Persuasion at Trial: Cross-Examination

A witness for the opposing party has testified, possibly producing a shift in the jury's view of the case.  This shift needs to be attenuated or reversed.  Thus, the major purpose of cross-examination is to discredit the witness through attacks on the ability of the witness to (a) know the true state of affairs (knowledge/expertise) and/or (b) accurately relate this information to the jury (trustworthiness)—the two components of credibility.  Additional purposes of cross-examination include the use of the testimony of the witness to discredit others of the opponent's witnesses and to uncover any favorable evidence for one's case.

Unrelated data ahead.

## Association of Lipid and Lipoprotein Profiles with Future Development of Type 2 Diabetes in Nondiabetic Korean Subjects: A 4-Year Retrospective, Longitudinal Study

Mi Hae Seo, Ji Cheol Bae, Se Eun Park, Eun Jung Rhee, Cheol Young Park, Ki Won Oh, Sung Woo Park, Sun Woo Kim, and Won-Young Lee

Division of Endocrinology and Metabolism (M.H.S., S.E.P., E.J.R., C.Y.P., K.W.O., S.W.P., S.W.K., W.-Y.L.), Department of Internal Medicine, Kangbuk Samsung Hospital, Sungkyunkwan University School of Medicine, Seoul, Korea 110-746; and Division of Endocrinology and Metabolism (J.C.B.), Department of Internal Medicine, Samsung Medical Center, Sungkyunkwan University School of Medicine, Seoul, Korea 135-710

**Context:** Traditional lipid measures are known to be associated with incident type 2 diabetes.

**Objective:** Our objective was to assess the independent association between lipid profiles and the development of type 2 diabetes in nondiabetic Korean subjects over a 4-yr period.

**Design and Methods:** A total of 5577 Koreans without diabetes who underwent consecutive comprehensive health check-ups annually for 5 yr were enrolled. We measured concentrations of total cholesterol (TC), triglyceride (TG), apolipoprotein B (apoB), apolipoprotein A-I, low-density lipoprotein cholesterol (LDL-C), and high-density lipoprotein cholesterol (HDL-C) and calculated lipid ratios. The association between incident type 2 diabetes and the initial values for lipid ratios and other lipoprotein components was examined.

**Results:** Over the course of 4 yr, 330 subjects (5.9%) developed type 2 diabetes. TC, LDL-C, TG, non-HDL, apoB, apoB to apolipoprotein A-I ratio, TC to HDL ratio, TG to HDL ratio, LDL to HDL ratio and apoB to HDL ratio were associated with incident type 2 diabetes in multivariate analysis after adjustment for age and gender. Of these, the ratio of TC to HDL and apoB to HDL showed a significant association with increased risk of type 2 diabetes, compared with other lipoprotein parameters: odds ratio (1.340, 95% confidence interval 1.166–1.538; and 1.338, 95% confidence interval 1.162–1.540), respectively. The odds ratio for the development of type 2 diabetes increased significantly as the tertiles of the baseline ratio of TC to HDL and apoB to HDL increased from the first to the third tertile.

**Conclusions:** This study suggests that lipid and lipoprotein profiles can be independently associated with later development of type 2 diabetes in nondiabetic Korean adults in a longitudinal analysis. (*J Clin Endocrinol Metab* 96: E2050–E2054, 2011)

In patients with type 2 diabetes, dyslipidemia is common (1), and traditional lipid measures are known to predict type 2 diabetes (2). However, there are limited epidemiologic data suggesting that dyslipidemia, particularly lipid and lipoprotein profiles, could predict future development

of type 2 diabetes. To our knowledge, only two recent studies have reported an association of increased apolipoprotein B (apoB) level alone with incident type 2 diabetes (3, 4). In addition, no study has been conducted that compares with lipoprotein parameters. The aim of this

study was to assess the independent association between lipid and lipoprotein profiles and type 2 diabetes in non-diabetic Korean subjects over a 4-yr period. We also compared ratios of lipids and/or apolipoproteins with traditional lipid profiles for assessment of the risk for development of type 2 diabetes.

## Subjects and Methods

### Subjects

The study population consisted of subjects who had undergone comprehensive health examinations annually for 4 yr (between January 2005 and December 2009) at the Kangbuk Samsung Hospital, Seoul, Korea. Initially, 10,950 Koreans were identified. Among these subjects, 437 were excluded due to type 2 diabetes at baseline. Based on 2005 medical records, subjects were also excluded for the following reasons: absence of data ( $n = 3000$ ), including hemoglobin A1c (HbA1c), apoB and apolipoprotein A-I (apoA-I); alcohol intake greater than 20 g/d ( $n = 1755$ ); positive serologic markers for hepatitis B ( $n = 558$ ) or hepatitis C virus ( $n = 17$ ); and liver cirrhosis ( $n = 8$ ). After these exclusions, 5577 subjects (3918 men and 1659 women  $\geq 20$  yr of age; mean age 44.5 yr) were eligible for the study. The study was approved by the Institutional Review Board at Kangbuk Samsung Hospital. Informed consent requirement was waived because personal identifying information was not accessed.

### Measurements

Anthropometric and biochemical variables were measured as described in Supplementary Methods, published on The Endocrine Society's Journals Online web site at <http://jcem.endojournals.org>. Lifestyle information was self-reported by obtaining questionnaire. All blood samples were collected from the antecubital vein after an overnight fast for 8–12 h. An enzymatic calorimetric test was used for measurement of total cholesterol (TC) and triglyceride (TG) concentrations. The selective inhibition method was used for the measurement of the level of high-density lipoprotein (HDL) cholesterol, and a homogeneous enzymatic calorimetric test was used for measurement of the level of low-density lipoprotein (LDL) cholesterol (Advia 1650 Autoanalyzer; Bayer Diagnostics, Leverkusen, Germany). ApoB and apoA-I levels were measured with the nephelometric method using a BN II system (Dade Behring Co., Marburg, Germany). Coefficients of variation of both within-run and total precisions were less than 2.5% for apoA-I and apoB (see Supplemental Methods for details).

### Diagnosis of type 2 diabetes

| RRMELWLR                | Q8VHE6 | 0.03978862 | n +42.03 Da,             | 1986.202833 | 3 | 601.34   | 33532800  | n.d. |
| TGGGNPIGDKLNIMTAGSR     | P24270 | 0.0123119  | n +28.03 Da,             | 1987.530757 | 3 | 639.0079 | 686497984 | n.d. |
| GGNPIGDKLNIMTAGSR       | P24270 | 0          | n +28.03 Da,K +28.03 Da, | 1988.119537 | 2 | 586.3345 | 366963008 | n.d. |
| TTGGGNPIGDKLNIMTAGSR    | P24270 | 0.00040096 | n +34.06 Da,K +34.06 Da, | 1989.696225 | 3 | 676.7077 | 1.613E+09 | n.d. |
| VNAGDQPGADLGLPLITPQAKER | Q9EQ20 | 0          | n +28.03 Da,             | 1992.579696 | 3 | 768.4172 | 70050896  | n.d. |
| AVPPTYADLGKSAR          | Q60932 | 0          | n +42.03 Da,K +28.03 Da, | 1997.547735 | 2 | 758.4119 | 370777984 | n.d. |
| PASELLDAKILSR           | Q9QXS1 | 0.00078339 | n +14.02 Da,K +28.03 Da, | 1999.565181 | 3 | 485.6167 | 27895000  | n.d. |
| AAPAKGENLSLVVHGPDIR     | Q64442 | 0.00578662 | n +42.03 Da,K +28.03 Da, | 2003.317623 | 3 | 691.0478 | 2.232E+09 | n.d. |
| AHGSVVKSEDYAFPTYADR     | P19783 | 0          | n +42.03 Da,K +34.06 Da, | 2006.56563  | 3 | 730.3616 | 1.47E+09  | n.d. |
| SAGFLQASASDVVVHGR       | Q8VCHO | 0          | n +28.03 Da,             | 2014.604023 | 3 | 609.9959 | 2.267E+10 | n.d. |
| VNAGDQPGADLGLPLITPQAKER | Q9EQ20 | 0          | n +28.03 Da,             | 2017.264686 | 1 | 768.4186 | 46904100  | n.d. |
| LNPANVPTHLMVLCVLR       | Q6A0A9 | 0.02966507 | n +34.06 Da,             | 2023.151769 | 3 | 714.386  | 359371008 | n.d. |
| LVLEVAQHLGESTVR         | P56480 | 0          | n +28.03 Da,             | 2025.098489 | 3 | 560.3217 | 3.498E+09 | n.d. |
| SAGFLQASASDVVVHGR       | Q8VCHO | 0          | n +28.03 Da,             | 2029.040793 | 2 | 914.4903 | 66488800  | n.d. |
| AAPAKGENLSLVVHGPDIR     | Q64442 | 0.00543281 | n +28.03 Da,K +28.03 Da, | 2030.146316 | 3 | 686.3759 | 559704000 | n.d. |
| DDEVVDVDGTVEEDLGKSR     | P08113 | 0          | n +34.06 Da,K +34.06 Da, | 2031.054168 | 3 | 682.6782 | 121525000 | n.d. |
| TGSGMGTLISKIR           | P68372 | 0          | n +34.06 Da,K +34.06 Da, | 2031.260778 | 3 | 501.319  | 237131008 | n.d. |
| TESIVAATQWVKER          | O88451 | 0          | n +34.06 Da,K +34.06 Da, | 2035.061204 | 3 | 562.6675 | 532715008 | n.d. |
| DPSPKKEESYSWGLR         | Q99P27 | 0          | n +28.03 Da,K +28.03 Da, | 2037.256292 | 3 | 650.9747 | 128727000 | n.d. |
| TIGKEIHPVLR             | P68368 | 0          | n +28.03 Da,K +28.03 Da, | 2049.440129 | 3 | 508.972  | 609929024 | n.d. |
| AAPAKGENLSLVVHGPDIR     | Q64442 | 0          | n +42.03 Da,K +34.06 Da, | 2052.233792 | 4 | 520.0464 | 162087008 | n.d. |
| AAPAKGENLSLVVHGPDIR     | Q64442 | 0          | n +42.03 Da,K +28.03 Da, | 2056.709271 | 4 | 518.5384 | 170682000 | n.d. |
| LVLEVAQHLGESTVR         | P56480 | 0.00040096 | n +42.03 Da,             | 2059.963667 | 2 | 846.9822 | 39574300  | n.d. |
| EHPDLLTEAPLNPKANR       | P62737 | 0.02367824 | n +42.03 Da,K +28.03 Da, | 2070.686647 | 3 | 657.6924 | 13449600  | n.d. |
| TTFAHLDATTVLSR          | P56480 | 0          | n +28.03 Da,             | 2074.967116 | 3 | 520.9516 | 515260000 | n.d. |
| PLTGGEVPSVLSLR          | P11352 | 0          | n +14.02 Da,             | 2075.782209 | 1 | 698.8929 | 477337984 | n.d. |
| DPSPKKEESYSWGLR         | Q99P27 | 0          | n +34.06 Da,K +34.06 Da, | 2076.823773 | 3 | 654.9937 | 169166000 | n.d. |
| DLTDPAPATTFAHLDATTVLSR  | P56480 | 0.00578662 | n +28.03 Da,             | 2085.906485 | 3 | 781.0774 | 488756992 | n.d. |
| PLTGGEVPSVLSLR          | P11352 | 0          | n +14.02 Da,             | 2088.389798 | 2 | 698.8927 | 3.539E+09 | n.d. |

Several considerations should be kept in mind concerning cross-examination.  First, cross-examination rarely discredits totally the witness's testimony.  Research indicates that, in all but the most extreme cases, discrediting a witness on cross-examination fails to eliminate totally the persuasive impact of the witness.  As discussed in a previous issue on opening statements...

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